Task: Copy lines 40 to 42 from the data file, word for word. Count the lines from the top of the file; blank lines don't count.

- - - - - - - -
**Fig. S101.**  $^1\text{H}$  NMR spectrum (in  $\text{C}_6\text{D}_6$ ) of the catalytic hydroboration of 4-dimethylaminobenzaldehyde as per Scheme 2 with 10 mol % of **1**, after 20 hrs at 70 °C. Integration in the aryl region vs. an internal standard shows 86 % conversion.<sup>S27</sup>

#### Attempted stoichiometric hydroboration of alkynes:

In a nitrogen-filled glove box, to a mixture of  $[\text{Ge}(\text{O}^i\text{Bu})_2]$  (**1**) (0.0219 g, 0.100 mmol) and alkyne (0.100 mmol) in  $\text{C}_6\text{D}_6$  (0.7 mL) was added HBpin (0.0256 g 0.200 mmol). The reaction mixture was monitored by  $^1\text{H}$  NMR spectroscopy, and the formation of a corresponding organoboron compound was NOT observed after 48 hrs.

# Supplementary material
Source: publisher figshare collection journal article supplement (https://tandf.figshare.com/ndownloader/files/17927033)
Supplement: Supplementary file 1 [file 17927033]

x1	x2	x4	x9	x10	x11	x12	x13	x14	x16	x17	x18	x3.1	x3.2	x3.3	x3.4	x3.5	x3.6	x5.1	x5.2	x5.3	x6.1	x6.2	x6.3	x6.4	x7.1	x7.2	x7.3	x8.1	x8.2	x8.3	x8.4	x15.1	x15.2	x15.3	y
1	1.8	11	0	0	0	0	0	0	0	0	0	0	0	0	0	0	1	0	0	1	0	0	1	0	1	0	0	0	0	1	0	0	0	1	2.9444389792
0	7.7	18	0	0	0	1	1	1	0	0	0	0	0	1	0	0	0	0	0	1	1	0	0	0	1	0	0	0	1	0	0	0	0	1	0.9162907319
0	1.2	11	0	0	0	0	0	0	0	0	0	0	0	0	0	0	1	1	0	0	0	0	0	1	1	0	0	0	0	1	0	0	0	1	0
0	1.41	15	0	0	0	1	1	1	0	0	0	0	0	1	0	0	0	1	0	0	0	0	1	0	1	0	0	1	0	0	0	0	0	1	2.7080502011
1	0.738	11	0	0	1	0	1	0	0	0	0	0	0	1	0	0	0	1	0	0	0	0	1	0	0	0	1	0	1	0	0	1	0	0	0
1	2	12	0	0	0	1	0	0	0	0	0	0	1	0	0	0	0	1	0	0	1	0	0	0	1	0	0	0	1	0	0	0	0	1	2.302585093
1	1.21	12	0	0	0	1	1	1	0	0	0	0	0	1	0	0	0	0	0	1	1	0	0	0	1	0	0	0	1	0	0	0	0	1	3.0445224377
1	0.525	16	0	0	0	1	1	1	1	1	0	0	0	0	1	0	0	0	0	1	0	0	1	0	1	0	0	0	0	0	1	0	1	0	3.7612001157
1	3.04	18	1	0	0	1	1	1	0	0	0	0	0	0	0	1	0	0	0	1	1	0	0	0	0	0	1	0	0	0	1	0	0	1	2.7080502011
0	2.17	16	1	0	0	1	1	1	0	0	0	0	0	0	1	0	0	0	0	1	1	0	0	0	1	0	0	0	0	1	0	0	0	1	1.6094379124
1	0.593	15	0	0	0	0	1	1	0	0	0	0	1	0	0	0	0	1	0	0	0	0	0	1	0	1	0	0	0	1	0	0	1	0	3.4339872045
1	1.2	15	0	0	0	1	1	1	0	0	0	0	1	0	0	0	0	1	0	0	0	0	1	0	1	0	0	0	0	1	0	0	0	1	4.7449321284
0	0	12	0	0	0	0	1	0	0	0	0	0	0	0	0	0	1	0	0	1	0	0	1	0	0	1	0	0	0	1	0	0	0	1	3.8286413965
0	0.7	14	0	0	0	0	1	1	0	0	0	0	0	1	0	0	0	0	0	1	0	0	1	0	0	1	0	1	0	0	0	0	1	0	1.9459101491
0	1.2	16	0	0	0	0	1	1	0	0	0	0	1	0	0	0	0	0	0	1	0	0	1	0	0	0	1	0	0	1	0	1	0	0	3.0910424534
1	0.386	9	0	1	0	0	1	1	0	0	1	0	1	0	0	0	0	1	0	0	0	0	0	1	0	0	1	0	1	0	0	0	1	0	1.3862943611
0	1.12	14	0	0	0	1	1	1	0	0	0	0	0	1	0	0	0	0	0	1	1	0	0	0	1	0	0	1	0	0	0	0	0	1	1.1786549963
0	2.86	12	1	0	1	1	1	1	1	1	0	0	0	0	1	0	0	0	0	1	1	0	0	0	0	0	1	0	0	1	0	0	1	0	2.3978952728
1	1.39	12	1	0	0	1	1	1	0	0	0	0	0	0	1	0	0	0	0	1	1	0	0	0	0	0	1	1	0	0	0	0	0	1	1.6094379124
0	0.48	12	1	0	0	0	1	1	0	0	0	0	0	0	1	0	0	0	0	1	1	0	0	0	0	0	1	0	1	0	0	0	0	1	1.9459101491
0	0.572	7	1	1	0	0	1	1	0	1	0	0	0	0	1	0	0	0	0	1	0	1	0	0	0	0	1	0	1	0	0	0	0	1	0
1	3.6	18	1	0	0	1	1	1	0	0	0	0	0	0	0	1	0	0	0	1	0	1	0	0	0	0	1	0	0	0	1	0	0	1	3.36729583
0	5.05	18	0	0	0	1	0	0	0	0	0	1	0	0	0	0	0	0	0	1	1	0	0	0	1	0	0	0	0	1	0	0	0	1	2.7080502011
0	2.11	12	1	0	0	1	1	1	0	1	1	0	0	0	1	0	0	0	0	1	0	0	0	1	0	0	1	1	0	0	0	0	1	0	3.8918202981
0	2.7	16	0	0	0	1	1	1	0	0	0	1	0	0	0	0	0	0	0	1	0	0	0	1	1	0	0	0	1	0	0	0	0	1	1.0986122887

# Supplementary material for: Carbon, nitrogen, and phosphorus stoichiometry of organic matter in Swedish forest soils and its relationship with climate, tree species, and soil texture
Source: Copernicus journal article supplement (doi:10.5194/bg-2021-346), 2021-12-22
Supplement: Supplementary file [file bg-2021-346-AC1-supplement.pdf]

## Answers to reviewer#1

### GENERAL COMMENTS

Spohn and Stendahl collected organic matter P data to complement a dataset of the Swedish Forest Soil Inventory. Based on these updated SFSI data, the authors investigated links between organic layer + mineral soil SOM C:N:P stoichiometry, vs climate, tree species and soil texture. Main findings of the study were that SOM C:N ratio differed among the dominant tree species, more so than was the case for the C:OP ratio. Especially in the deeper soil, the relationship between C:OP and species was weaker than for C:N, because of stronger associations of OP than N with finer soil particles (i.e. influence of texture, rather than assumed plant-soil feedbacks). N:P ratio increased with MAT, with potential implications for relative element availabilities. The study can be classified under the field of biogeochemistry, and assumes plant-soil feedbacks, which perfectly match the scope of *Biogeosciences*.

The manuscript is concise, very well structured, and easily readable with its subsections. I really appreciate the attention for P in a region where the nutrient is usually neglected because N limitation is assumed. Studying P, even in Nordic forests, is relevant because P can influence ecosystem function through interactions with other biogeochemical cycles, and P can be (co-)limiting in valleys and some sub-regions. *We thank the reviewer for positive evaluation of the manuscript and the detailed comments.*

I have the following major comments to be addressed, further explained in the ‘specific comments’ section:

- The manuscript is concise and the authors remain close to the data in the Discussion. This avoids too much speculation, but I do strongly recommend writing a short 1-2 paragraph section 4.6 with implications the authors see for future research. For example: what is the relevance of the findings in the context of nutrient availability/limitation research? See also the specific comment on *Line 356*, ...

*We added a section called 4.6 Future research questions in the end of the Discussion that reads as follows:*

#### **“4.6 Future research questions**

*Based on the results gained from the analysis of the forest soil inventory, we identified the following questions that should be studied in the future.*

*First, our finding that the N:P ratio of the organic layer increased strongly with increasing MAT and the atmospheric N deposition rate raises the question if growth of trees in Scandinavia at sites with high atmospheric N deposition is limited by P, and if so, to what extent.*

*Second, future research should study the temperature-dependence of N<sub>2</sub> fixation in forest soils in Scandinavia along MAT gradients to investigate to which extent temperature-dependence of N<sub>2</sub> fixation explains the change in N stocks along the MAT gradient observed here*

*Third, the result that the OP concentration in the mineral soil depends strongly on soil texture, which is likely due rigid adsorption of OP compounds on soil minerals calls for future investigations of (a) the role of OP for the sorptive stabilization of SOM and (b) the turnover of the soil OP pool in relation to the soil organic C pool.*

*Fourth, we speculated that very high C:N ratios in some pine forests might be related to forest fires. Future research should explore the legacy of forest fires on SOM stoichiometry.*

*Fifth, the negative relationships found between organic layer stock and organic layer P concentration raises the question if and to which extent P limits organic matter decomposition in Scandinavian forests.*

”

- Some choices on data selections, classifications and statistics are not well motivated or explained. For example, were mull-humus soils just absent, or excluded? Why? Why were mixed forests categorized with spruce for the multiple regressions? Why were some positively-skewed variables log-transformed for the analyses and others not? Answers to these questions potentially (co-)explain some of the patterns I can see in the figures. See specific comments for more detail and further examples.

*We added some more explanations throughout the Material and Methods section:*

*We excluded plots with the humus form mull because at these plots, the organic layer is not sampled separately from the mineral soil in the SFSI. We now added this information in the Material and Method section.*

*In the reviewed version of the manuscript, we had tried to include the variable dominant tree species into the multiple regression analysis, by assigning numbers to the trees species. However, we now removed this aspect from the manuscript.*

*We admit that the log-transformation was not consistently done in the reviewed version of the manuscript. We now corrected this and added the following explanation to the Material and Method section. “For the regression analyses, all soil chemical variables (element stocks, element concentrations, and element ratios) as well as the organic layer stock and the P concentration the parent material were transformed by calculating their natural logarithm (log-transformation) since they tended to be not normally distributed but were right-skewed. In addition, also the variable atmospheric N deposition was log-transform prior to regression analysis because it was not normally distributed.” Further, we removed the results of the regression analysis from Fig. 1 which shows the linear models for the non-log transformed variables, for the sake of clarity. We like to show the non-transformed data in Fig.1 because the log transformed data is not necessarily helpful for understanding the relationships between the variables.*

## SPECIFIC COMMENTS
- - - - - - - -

I have the following major comments to be addressed, further explained in the ‘specific comments’ section:

- The manuscript is concise and the authors remain close to the data in the Discussion. This avoids too much speculation, but I do strongly recommend writing a short 1-2 paragraph section 4.6 with implications the authors see for future research. For example: what is the relevance of the findings in the context of nutrient availability/limitation research? See also the specific comment on *Line 356*, ...

*We added a section called 4.6 Future research questions in the end of the Discussion that reads as follows:*